Tuesday, September 6, 2011

Reprints – To Send or not to Send?

When I started teaching, I remember being very skeptical about the practice of sending out reprints (think embedded carbon).  When I raised the question with some of my new colleagues, they strongly encouraged me to distribute reprints both at my law school and nationally.  And so I did. 

Post-tenure, the decision is a little harder.  The wastefulness still bothers me and there are several other means of getting the word out that one has published.  For colleagues on your faculty, I think that making a copy of the first page of the published article with a note that you would be glad to provide a full copy upon request is an effective substitute.  For other environmental law professors, notice via the envlawprofs listserve or by personalized email seems a good option.

On the other hand, I have found the reprints that I have received over the years to be a resource. I have them sorted by topic (e.g., with relation to climate: environmental justice/ liability for harms; cap and trade/ emissions trading; endangered species/ ecosystems; energy regulation/ renewable energy; international law/ tropical forests), and when I want to look at an article on a given topic, I often look there first.  Reprints are a lot more enjoyable to read than Westlaw/Lexis printouts and, unlike Hein, they are already printed out.  Also, I have brought them to my climate change class to give students a sense of the legal literature on climate change and help them generate paper ideas.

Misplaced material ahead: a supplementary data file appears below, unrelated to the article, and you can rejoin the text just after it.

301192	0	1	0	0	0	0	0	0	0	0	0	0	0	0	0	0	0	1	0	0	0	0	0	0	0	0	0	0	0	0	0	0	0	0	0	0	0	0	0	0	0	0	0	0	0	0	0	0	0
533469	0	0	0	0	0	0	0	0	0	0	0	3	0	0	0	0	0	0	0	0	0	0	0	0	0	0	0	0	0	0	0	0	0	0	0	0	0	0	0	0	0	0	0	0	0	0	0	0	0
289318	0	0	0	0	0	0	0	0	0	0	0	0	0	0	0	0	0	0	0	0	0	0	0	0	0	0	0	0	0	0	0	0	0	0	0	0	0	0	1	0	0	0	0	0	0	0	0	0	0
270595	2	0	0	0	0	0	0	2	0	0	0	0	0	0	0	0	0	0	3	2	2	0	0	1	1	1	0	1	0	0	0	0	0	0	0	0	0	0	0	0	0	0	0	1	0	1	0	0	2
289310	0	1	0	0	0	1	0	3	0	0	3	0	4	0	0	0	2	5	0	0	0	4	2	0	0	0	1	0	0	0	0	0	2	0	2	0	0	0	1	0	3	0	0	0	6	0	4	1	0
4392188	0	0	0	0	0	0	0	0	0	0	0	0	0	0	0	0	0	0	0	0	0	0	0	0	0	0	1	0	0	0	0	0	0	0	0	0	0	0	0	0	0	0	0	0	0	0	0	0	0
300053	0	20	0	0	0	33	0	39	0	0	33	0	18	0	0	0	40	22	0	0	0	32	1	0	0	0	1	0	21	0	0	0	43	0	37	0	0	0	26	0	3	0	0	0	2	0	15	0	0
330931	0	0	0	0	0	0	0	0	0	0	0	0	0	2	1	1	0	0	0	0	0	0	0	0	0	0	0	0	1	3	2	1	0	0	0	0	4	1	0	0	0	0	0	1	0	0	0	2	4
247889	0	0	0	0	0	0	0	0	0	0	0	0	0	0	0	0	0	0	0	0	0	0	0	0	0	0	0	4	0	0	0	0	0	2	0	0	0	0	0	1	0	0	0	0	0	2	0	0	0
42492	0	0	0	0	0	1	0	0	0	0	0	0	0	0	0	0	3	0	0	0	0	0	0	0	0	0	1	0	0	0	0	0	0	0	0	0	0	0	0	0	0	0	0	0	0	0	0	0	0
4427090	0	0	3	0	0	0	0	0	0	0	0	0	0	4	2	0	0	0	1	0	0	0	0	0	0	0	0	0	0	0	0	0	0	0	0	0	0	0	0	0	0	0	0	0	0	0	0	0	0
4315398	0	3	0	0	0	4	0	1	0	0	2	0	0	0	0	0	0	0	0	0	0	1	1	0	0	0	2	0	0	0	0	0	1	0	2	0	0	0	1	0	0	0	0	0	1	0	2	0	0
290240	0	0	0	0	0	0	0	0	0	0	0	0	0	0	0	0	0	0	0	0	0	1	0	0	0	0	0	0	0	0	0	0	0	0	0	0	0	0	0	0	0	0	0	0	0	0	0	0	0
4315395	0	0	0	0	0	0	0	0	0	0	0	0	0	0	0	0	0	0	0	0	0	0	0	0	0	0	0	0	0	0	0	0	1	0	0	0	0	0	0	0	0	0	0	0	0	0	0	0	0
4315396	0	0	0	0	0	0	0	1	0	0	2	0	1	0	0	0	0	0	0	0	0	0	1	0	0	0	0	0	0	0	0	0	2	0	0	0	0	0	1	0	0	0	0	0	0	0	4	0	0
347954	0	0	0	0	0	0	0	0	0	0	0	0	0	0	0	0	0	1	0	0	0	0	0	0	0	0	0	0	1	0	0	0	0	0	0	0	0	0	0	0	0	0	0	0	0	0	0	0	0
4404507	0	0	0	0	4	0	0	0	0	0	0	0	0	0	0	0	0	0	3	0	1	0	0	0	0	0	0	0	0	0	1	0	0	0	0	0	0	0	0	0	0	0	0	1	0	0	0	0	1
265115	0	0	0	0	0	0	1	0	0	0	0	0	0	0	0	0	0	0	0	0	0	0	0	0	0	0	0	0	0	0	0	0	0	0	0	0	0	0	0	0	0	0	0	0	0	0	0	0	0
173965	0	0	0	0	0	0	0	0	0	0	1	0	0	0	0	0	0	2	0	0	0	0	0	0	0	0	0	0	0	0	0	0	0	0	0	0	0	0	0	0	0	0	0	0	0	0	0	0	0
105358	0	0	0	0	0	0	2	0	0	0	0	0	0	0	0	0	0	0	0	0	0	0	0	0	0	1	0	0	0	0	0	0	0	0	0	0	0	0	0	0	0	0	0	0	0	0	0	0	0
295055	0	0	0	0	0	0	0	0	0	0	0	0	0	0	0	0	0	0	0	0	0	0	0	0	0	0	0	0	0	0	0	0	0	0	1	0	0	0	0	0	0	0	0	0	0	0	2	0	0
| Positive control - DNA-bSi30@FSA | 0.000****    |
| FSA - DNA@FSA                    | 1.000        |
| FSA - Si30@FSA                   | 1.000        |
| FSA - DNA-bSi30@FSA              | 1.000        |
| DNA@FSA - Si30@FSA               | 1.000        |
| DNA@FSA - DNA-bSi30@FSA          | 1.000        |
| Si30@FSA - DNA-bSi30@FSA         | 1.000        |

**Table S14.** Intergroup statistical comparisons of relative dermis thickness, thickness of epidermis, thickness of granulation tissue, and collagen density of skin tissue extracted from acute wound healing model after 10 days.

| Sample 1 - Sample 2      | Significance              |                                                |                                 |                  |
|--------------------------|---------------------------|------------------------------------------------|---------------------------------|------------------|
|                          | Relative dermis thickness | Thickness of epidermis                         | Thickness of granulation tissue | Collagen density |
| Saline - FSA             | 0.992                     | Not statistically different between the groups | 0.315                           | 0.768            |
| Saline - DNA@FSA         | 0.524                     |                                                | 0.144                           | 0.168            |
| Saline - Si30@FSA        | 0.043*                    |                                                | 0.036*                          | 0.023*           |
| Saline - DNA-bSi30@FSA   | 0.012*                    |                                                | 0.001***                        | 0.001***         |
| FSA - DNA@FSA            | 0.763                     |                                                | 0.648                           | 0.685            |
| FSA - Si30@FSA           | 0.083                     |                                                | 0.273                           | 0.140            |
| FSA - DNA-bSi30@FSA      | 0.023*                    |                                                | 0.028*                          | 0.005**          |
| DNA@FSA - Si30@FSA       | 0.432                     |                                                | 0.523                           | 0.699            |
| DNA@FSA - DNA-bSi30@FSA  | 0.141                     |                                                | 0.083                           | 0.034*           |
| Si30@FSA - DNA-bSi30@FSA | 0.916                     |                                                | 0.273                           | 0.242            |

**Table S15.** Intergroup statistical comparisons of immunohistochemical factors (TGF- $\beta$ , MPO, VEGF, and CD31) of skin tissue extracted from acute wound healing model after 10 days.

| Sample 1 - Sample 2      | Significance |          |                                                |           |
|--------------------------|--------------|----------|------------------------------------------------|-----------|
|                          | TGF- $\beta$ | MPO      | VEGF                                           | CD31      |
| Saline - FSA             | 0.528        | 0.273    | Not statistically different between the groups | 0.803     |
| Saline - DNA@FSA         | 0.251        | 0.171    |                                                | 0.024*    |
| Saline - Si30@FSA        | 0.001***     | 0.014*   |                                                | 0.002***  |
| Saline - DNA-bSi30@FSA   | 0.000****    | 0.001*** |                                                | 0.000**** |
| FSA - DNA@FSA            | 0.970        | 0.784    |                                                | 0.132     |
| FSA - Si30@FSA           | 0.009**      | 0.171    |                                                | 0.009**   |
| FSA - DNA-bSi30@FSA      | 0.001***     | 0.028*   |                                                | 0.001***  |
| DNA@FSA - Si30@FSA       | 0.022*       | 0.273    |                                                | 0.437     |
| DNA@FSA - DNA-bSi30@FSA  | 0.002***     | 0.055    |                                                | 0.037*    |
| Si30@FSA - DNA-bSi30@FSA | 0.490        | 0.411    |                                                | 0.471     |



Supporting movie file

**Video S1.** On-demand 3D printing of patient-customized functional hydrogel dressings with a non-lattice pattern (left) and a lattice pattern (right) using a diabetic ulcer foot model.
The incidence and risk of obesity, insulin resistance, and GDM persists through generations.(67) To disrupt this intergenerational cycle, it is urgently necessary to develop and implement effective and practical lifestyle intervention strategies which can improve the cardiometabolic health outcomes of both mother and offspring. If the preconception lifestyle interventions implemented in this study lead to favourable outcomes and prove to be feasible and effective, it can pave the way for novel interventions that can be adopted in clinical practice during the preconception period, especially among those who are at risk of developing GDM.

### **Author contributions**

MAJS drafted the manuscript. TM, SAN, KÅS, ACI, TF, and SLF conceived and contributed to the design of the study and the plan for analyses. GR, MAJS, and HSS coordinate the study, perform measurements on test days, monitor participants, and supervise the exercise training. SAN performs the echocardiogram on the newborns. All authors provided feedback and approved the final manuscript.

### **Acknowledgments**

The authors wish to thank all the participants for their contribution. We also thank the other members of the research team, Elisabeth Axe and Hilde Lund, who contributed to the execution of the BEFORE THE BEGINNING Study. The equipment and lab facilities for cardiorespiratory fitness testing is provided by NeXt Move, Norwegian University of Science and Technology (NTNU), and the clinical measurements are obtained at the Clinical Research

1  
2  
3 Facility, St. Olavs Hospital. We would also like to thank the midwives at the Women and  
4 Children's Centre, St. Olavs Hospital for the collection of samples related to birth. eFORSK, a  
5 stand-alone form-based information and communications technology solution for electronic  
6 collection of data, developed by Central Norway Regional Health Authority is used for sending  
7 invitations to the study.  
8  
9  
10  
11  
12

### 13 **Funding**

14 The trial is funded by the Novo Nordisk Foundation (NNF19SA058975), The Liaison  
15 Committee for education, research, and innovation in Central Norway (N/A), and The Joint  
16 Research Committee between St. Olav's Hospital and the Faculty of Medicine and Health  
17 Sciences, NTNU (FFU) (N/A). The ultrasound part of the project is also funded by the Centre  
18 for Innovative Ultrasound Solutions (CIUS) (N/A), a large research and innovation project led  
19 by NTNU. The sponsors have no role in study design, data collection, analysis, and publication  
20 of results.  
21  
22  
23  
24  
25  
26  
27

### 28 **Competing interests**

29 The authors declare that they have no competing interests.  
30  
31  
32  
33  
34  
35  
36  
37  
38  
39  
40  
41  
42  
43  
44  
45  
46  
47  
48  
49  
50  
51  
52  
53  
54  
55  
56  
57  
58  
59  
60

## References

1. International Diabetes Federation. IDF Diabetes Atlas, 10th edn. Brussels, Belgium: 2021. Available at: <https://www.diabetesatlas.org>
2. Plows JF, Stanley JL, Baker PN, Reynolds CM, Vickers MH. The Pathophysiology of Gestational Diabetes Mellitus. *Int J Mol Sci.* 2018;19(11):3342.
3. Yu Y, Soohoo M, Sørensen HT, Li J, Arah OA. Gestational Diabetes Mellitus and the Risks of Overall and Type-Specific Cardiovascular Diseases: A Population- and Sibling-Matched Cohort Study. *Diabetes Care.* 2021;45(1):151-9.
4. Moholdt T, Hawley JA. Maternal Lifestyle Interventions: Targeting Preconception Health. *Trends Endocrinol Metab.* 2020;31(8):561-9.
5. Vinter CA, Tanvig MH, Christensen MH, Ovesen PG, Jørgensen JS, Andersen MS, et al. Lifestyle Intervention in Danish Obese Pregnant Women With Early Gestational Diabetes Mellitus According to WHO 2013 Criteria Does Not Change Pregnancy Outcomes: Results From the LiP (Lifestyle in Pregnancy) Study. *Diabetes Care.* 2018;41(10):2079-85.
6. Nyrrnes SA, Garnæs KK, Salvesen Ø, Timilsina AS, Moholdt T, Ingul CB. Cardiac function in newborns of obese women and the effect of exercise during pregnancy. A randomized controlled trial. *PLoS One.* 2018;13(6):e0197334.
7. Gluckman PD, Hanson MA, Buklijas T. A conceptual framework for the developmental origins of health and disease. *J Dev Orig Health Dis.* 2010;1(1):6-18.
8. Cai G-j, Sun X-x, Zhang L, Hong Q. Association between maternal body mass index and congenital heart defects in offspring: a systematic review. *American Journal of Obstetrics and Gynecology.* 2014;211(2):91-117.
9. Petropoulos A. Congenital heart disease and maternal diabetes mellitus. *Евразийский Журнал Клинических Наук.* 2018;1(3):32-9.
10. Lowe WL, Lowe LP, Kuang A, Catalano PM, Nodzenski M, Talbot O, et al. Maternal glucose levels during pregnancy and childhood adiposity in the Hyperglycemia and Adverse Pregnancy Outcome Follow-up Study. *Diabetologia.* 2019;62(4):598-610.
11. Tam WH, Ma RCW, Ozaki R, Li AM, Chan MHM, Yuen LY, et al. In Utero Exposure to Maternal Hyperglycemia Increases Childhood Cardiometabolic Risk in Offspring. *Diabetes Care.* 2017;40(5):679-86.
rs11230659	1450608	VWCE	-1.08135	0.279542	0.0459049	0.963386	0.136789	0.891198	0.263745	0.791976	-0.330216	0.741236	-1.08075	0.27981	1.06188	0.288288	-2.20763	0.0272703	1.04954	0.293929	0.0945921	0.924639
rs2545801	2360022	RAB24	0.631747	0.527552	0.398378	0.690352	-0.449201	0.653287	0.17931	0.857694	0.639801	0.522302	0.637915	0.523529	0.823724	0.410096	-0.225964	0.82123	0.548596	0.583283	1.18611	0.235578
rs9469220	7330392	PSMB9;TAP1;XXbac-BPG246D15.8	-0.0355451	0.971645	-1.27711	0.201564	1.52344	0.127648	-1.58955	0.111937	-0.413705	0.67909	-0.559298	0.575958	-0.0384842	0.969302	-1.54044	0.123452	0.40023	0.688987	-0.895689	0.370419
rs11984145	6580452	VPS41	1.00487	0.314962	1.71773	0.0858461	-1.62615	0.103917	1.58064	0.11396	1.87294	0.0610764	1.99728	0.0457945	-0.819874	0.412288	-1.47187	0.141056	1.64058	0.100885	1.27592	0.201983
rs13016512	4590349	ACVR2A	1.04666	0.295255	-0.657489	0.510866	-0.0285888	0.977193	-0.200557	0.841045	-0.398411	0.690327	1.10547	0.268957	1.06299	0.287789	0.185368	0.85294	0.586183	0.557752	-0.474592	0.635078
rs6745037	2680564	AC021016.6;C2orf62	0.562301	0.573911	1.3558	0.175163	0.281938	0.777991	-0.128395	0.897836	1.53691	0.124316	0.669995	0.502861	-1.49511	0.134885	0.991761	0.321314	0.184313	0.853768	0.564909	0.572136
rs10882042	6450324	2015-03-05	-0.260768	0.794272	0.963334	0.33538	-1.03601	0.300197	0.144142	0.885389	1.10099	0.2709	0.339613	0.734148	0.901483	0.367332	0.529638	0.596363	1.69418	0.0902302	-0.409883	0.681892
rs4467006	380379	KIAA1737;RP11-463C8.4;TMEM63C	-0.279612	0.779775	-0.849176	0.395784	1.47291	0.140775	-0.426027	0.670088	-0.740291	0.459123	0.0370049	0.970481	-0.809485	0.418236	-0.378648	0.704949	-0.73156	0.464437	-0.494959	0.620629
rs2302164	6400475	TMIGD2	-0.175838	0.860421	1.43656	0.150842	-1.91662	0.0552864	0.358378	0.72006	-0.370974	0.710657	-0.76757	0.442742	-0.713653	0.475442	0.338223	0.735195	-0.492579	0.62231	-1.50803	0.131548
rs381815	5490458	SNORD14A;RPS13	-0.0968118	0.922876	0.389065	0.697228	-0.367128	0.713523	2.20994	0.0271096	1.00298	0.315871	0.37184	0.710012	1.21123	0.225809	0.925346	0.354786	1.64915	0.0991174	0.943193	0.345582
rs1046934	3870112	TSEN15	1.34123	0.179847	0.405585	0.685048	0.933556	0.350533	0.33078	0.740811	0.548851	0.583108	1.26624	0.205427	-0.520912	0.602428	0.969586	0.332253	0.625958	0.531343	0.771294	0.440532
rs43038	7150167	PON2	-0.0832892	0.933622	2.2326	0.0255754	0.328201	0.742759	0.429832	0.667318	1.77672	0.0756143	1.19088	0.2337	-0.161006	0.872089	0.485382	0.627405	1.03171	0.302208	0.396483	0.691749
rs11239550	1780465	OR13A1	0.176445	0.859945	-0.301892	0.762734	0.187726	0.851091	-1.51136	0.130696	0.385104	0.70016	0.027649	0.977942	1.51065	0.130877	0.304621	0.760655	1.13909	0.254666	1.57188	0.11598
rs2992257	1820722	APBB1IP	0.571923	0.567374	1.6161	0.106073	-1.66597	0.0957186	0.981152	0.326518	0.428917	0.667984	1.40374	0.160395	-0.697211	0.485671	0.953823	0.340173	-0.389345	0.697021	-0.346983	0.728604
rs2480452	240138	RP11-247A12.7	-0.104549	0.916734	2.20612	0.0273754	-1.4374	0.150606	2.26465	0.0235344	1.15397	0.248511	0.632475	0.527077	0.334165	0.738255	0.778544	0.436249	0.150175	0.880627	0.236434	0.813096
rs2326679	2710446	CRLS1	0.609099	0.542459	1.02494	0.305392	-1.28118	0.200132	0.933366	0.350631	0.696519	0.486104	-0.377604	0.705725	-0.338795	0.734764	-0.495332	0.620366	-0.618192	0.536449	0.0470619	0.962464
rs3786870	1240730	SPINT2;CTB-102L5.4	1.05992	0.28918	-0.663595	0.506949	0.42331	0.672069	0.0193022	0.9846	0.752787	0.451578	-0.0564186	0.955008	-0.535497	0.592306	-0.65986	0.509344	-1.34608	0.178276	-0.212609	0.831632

And now for the reason this is on my mind: I have a set of reprints that I ordered this time last year that I am going to send out in the next couple weeks.  But it might be the last time I do.  I'd be happy to hear your thoughts on the matter!

- Lesley McAllister 


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One option is to send some of those reprints to people who aren't law professors (or even lawyers). I've found that agency staff, local officials, and other people who are involved in environmental law are often pleased to get reprints. They may be interested in what academics are saying, but they don't have the time to go looking for academic writing, or don't even know where to look, so getting a reprint can be a big help.

Posted by: dave owen | Sep 6, 2011 6:48:57 PM

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